Teach Your Child How To Use Apostrophes. A parents' guide...
We’ve all seen them…
Apostrophe errors aren't rare about town. There are mistakes on shop signs, the sides of vehicles, at the market – which only proves that even adults find the whole ‘apostrophe issue’ quite confusing. The truth is, it IS confusing. I’ve even heard teachers debating the intricacies of the rules.
And NO – you don’t put an apostrophe wherever you see an ‘s’ !!
To simplify matters, I’ve written about the 2 main uses for apostrophes, which should satisfy most children, standing them in good stead for further detailed tuition.
For those hardier souls who like a bit of ‘nitty-gritty’, continue on to the ‘difficult areas’ section.
So, I will attempt to clear the muddy waters, but be warned, you may need a couple of read-throughs – or should that be read through’s (reads through?)?!
Here we go - teach your child how to use apostrophes - a parents' guide...
There are 2 main uses of apostrophes (and several ‘difficult areas’):
1. To shorten words – the simplest to explain! (Omission)
can not = can’t (apostrophe replaces the letters ‘n’ and ‘o’)
I have = I’ve (apostrophe replaces the letters ‘h’ and ‘a’)
The apostrophe can be used in ‘contractions’ like the above examples where it replaces one or more letters. Take care though as there are exceptions e.g. will not = won’t (NOT willn’t!!)
2. To show belonging (possession)
The boy’s shoes
- in this example the shoes (a plural word) belong to one boy – so the apostrophe indicates this.
The boys’ shoes
- here, the shoes belong to more than one boy, so the plural word ‘boys’ comes first followed by an apostrophe to show possession.
I loved yesterday’s weather.
The car’s wheel just fell off.
The weather ‘belongs’ to yesterday. The wheel ‘belongs’ to the car.
3. The Difficult Areas!
One confusion that arises is when a word already ends in an ‘s’. e.g. Jesus, Thomas. So, if you would naturally add an extra ‘s’ in speech, you do the same to show possession in writing. To show a cup belongs to Jesus or Thomas we would write:
If you wouldn’t naturally add another ‘s’ in speech then don’t add one in the written form:
St.Thomas’ School (although I’ve heard this said both ways!)
Peter Bridges’ coat
Sometimes we want to show that something belongs to more than one thing e.g. The shoes belonging to the women – would become:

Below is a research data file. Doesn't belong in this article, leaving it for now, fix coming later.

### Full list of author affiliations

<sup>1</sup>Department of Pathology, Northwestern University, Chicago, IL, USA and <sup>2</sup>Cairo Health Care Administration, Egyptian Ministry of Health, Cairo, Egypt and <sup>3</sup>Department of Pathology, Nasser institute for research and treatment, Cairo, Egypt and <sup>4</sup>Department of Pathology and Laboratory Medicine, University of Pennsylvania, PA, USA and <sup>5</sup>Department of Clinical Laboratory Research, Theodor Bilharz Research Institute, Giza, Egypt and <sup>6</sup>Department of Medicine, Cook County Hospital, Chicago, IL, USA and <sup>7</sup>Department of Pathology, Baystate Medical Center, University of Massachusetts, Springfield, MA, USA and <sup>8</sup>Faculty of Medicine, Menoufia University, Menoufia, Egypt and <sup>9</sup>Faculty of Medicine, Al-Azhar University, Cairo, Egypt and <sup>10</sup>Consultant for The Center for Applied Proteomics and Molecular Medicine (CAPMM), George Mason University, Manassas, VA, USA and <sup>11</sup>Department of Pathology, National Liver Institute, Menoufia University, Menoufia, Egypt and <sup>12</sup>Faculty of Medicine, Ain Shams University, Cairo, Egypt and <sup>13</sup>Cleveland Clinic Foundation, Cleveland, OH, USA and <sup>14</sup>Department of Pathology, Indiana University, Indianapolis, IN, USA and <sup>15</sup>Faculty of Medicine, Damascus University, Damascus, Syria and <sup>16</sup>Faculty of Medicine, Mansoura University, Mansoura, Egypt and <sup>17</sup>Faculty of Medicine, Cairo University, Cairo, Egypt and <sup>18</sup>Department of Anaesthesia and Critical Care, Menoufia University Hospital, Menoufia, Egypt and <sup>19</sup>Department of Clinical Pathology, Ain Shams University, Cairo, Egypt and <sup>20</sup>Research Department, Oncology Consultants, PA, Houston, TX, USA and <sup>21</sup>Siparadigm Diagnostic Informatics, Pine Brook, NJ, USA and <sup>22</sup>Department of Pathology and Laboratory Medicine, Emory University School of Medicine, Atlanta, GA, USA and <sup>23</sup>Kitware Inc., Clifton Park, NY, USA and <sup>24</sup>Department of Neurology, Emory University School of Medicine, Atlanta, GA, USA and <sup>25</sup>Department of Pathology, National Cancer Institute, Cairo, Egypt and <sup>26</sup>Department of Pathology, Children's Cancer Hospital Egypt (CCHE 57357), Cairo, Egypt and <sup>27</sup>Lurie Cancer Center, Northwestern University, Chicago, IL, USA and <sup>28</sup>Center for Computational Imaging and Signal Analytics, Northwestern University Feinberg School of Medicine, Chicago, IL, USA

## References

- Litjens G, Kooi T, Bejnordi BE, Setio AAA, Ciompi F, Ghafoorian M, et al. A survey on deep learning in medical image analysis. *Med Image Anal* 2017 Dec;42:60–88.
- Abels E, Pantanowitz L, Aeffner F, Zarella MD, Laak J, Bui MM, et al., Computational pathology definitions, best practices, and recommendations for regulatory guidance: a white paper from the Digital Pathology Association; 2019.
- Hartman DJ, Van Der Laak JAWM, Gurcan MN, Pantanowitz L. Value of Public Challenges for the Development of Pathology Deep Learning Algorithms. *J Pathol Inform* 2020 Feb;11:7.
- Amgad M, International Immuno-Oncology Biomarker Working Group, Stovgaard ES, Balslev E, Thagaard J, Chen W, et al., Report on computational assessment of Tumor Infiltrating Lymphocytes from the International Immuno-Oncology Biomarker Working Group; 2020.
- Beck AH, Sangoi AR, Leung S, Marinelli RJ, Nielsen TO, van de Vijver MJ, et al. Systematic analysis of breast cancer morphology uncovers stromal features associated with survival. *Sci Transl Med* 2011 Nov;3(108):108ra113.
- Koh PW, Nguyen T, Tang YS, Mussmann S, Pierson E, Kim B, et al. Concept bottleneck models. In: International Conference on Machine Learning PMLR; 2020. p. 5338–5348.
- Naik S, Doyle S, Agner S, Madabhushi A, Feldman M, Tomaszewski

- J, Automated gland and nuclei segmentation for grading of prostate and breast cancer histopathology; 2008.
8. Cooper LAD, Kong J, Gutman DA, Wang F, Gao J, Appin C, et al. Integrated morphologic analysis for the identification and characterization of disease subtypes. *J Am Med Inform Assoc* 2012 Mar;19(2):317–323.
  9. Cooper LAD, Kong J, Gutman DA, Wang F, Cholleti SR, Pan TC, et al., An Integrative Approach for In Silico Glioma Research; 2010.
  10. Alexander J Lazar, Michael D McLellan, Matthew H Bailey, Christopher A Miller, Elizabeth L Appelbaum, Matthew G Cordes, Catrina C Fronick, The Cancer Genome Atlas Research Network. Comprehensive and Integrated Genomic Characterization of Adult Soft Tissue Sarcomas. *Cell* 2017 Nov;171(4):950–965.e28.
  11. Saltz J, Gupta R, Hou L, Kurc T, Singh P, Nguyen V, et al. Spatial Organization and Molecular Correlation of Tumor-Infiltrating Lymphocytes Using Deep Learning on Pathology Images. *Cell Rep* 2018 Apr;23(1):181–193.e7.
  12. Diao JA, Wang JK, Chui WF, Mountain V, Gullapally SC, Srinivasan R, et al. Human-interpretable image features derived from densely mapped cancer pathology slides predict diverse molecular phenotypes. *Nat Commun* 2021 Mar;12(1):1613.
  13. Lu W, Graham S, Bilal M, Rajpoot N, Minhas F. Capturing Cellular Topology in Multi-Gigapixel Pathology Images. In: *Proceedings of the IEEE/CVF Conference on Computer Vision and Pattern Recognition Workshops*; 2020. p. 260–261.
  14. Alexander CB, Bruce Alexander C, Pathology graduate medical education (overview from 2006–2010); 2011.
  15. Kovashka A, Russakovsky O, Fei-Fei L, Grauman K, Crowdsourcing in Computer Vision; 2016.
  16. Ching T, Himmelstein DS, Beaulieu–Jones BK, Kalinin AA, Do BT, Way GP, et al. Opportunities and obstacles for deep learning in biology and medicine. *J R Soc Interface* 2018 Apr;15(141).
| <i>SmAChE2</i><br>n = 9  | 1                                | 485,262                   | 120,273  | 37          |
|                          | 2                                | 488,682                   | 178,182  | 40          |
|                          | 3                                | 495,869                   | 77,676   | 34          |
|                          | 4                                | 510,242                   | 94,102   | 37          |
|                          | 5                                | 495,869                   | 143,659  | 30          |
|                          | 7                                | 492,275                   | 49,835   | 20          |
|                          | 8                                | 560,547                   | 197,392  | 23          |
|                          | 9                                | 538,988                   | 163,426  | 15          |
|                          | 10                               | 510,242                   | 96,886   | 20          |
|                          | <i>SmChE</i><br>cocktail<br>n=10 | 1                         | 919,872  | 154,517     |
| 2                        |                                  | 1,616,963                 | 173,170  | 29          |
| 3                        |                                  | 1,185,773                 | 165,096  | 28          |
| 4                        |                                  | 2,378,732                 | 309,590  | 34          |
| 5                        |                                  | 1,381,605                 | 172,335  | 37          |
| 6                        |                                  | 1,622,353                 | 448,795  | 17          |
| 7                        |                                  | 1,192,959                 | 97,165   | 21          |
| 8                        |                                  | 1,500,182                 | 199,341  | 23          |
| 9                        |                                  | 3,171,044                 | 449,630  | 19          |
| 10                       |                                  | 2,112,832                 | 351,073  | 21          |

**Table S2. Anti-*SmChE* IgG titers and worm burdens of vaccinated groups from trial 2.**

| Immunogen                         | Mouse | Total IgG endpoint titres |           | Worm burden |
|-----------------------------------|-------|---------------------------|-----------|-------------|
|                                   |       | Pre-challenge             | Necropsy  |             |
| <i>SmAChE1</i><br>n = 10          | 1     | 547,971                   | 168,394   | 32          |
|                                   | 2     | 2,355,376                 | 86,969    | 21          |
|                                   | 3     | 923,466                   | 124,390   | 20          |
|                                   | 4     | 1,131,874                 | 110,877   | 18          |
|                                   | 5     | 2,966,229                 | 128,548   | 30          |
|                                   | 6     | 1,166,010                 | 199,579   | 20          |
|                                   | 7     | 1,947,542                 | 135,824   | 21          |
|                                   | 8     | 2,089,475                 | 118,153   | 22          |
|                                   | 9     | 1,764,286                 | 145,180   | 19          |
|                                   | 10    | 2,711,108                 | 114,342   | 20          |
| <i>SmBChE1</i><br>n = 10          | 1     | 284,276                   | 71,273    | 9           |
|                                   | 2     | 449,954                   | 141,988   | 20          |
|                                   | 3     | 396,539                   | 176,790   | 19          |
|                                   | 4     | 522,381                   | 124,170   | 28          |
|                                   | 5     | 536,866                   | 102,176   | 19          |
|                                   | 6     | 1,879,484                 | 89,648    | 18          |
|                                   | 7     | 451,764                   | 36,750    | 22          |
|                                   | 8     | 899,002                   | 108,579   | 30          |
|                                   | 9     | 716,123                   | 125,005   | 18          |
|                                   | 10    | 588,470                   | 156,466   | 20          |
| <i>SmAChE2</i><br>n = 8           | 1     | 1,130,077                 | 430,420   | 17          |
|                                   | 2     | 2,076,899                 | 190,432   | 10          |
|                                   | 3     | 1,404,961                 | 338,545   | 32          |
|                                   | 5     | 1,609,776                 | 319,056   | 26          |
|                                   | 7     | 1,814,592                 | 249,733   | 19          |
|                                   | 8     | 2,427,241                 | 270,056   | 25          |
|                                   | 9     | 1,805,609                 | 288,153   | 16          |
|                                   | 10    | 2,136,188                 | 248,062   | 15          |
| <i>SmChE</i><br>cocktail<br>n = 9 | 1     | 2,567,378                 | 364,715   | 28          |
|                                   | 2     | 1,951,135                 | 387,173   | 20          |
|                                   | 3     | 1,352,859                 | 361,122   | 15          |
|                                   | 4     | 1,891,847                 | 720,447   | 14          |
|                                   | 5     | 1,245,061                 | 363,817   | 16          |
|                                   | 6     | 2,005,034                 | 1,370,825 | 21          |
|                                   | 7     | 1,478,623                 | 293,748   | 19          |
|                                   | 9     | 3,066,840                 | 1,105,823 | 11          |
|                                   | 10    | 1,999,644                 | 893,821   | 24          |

The women’s shoes
- so we write the plural word first, then use the apostrophe to show possession.
Another common error is the difference between its and it’s
– but this really is one of the simpler ones to explain. The one with the apostrophe is a contraction for ‘it is’ (or ‘it has’), the other one is a possessive word all by itself e.g. Give the dog its collar back. It’s the collar that belongs to the dog.
This one is so common as to almost have become the correct way to do it! I’m talking:
None of them need an apostrophe, as they show neither omission nor possession – they are merely plurals!
And if that wasn’t hard enough for you…
There are a group of words called ‘possessive pronouns’ that already show possession! Yes, you read that correctly! When using these words we DON’T NEED to use an apostrophe, as they already mean ‘belonging to’. They are:
We all like to play the ‘I’m cleverer than you’ game once in a while, but when you start to research English grammar you see how complex it actually is, and that the real experts in the field are the people who take a more humble view of it. Language is for communication, and the rules are driven by its use not by some ‘Official Body’ that sit all day making them up. The ‘rules’ that we speak of are not actual rules, merely accepted forms of doing things. There will become a time when text-speak becomes the accepted form – and why not?
If you doubt these predictions, just look at what the Oxford dictionary says about using apostrophes in plurals – normally a big NO NO ! (As you now know – they’re for possession and omission only!):
“There are one or two cases in which it is acceptable to use an apostrophe to form a plural, purely for the sake of clarity:
-You can use an apostrophe to show the plurals of single letters:
I’ve dotted the i’s and crossed the t’s.
Find all the p’s in appear.
-You can use an apostrophe to show the plurals of single numbers:
Find all the number 7’s.” (Courtesy of Oxforddictionaries.com)
Self-proclaimed apostrophe police (of which I am an occasional member!) take note!
Hopefully, by now you know when to use apostrophes and when not to use apostrophes, so...
Just for fun – see if you can decipher the meanings of these 3 apostrophe examples sentences:
Her colleague’s son’s friends went snowboarding last winter.
Her colleague’s sons’ friends went snowboarding last winter.
Her colleagues’ sons’ friends went snowboarding last winter.
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